Bratt thinks the McGuinty comments are more harmful than Trudeau's remarks for the Liberals' Locke, because Trudeau has paid a lot of attention to the riding. Calgary was his first campaign stop after he launched his leadership bid, and he has visited a second time.
The western-most of Monday's byelections is in the riding of Victoria, where one of the key issues is a proposed $738-million dollar sewage plant. Since there's no distracting question about who will be the next prime minister, federal byelections can become intensely local.
The sewage plant is a controversial issue since some residents fear higher taxes will ensue, and it's also a federal issue given the Harper government has pledged to help pay for it.
The byelection in Victoria was triggered by the resignation of NDP MP Denise Savoie, the deputy Speaker of the House of Commons, who left due to undisclosed health issues. Savoie's win in 2011, when she capture more than 50 per cent of the vote to the Conservative runner-up's 23 per cent, makes the riding a good bet for the NDP
The NDP candidate is environmental lawyer Murray Rankin, who is the only proponent of the proposed sewage treatment plant.
For years, Victoria has been dumping partially treated sewage into the Juan de Fuca Strait. It's been an embarrassment for decades, with some saying a treatment plant is needed and others arguing the turbulent waters of the strait safely wash the sewage away.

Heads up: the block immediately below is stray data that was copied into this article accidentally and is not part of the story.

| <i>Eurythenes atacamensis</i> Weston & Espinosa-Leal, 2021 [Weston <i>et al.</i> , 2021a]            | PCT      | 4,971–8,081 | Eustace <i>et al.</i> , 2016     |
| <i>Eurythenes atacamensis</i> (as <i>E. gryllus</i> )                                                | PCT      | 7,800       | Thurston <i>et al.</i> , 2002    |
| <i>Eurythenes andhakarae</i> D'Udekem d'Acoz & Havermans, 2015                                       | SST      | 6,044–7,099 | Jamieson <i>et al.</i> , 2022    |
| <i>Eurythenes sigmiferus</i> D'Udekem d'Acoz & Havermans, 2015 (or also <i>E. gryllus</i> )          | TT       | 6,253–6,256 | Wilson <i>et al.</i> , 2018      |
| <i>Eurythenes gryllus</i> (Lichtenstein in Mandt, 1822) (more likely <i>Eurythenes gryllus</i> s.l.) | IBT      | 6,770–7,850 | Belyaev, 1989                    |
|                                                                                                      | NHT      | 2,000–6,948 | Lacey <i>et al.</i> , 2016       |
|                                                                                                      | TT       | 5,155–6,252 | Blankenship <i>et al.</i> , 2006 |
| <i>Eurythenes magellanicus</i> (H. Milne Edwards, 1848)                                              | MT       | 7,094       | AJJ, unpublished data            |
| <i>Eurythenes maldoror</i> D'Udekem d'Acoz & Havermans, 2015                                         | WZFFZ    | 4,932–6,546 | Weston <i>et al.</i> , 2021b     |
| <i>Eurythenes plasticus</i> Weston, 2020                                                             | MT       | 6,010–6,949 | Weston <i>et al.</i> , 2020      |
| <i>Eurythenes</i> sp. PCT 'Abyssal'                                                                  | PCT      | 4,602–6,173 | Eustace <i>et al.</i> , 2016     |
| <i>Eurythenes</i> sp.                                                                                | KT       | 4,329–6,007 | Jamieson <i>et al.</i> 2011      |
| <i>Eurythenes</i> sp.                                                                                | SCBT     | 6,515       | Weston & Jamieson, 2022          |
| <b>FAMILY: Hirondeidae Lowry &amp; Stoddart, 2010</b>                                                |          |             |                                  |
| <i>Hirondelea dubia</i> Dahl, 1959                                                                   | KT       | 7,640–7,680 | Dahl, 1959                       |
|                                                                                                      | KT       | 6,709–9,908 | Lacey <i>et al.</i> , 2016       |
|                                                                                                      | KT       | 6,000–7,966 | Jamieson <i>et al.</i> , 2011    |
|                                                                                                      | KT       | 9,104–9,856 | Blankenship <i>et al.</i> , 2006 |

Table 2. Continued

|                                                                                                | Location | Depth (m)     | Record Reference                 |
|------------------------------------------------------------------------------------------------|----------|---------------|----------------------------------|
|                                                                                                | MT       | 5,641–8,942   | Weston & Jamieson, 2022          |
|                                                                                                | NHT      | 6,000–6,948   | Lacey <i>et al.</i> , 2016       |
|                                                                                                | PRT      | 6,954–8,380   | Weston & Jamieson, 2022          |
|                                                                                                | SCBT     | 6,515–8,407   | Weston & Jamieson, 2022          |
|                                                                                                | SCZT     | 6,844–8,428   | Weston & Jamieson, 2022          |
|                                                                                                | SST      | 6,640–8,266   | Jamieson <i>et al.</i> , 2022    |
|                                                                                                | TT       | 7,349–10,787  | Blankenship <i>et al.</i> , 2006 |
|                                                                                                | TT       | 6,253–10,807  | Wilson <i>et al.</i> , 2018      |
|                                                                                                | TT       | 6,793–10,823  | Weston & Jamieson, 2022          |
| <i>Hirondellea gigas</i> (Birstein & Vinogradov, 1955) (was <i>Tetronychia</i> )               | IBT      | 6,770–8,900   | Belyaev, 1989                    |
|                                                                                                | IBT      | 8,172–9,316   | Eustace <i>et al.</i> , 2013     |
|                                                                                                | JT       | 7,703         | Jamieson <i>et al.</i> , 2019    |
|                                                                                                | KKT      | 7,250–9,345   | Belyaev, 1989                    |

The Green Party candidate, University of Victoria professor Donald Galloway, is against the plant, favouring a better plan.
Conservative candidate Dale Gann, who is president of the Vancouver Island Technology Park, opposes the sewage plant.
Paul Summerville, running for the Liberals, has called the plant a million-dollar boondoggle and wants it put off until 2040. Summerville, who also teaches at the University of Victoria, once ran for the NDP in the Toronto riding of St. Paul's but switched to the Liberals after the 2006 election.
Polls suggest an NDP victory with the Greens coming in second.
The Ontario riding of Durham was held for eight years by the embattled Bev Oda, the former minister for the Canadian International Development Agency, who quit over a scandal about her expense accounts, including a famous $16 charge for a glass of orange juice. Despite her sudden resignation in July, the riding still seems a strong one for the Tories.
The Conservative candidate is retired Royal Canadian Air Force captain Erin O'Toole, who is the son of the provincial Conservative MPP for Durham, John O'Toole.
Grant Hume of Bowmanville, a retired businessman who spent 31 years with the Toronto Board of Trade, is the Liberal candidate.
The NDP candidate is former MPP and former mayor of Brock Larry O'Connor. The NDP surge during the 2011 election wasn't seen in Durham, with Oda winning the riding by almost 55 per cent and the NDP far behind at 21 percent.
Polls suggest the Conservatives are in line to win.